Drawing Of The Hiding Of The Taj Mahal In WWII
This is a rare print from a drawing of the hiding of the Taj Mahal in WWII. Its dome is covered with bamboo scaffolding. It was originally drawn by James Fletcher Watson in 1942. The print is of a later period, and measures 8.5 x 6 inches. In world war II, the Taj Mahal was assumed to be one of the targets of German and Japanese fighter planes.
The British camouflaged the dome with bamboo to protect it from any enemy attacks. Although fighter planes then were modern for their times, but unlike today the target visibility was more by the naked eye. The camouflaging was to mislead them to look like a heaped stack of bamboo.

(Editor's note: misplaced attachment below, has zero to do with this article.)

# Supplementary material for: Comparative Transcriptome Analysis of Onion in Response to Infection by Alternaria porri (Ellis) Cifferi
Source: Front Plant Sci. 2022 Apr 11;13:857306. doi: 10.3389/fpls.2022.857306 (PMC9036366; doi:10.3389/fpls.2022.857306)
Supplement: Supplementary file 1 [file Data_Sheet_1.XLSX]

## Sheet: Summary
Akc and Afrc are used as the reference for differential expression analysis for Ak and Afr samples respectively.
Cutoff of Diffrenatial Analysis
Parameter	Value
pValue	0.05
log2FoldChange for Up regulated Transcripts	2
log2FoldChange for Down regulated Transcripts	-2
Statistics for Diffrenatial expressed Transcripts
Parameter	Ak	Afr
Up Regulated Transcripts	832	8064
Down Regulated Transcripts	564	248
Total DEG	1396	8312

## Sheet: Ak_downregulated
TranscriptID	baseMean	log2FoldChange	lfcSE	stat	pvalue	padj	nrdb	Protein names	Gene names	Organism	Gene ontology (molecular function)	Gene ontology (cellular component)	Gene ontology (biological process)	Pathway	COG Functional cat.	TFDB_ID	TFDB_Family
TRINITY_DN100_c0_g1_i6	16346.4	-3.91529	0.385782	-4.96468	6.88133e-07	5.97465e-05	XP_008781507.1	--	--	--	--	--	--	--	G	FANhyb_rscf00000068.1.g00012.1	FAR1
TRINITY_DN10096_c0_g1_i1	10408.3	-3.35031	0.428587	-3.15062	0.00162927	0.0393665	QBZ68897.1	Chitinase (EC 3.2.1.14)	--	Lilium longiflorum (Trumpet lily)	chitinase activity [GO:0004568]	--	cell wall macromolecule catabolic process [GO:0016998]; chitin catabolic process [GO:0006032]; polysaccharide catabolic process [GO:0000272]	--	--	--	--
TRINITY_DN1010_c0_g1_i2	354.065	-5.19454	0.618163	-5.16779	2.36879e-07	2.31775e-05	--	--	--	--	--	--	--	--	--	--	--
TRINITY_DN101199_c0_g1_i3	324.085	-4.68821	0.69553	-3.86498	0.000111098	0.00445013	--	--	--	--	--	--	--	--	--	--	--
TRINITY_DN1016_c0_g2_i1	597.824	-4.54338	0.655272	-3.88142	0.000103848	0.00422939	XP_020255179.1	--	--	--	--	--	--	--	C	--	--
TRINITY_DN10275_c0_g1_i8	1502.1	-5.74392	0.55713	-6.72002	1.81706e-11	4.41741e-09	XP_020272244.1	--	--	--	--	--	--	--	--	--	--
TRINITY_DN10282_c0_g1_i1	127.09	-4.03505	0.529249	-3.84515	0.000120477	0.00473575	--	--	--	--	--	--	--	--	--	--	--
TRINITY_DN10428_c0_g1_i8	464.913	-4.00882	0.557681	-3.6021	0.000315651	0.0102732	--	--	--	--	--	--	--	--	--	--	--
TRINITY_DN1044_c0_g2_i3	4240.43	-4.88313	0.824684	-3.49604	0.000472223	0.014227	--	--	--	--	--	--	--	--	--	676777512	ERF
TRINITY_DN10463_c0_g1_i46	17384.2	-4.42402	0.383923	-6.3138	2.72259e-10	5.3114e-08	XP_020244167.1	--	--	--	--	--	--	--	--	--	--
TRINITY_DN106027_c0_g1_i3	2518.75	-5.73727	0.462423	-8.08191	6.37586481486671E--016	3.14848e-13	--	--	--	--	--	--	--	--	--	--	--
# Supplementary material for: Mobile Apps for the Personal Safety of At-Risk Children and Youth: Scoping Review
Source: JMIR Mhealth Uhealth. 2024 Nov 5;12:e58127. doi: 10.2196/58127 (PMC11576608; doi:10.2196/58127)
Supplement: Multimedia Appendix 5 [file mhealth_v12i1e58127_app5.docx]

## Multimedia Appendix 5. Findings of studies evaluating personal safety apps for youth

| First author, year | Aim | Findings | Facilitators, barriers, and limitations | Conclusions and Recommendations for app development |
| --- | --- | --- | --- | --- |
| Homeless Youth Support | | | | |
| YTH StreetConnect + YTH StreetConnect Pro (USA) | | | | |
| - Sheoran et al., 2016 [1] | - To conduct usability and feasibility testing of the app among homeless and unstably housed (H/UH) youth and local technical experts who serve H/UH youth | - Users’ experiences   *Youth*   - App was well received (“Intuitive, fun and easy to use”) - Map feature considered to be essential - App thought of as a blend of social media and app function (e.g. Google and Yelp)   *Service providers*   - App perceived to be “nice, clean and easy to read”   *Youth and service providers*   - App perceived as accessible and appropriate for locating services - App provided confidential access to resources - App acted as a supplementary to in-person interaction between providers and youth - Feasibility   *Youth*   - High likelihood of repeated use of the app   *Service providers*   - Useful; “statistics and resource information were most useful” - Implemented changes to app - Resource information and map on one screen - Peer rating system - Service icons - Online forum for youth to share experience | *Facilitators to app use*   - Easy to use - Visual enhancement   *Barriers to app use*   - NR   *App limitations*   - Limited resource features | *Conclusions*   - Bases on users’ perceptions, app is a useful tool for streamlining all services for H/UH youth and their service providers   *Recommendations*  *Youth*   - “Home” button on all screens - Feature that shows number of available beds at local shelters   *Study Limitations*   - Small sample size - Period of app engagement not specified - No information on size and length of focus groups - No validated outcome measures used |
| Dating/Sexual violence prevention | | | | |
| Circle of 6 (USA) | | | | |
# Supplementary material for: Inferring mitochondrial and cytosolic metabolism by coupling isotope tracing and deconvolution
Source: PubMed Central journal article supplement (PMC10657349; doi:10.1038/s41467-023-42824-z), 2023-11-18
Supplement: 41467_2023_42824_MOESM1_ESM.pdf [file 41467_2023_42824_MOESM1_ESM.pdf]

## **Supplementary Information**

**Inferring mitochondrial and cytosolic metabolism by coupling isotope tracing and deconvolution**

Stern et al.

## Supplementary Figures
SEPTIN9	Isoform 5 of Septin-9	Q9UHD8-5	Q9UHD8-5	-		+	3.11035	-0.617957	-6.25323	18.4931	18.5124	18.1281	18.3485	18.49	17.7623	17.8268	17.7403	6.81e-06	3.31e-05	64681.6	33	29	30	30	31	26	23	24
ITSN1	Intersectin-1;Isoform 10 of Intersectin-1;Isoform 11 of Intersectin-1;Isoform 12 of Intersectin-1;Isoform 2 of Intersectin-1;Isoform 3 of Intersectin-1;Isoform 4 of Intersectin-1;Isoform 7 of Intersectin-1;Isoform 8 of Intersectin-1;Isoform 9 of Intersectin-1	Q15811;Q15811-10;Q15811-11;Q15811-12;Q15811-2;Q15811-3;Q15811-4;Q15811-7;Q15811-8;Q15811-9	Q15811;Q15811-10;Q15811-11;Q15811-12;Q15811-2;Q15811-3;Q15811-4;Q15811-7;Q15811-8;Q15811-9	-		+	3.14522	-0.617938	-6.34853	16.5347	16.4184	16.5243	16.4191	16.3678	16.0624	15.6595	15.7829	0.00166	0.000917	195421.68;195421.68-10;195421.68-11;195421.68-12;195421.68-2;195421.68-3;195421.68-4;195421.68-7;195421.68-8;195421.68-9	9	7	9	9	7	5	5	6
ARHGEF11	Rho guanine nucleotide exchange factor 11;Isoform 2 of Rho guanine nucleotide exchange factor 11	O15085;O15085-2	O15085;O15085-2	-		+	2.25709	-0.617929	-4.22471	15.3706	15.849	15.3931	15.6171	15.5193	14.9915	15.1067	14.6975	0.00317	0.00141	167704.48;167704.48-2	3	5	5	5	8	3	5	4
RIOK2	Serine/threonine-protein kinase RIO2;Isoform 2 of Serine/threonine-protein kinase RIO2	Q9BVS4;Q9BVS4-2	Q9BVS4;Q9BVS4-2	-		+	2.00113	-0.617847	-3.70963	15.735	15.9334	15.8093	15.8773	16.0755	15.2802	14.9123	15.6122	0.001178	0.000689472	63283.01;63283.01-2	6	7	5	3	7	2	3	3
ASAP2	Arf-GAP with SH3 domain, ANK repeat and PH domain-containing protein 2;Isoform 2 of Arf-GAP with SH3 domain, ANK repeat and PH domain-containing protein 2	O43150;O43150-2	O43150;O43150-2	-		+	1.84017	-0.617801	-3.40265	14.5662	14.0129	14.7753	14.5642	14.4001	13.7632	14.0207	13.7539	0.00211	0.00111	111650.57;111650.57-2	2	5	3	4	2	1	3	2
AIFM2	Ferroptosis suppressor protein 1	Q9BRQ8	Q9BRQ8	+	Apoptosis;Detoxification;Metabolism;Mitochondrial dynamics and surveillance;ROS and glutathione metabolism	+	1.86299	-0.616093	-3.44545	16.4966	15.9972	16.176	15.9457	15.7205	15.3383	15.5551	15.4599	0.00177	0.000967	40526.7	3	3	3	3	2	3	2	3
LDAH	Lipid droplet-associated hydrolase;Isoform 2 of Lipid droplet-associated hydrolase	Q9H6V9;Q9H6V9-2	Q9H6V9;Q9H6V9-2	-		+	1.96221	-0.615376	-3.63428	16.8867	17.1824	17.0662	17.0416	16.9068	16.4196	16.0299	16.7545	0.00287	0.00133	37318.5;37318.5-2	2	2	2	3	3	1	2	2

The artist of the drawing a Britisher, James Fletcher Watson, was born in 1913 and died in 2004. He was more into watercolour paintings. At the time of British India’s rule, James Fletcher Watson was with the British Military’s Royal Engineers. And was deputed to India to oversee camouflaging during WWII. The concealing of the Taj with bamboo was believed to be one of his designated tasks. Click on the photo for better view.
From the collection – Vintage Raja Ravi Varma “Saraswati” Oleograph., Taj Mahal & Flying Carpet Plane – Old Photo 1932., Maharaja Ranjit Singh’s Cavalcade – Old Print 1888., Fort Cochin – Antique Map Plan 1761.
The images are of the actual items from my collection. And Not a photocopy, pirated, reproduced, or stock photos or taken from other sources.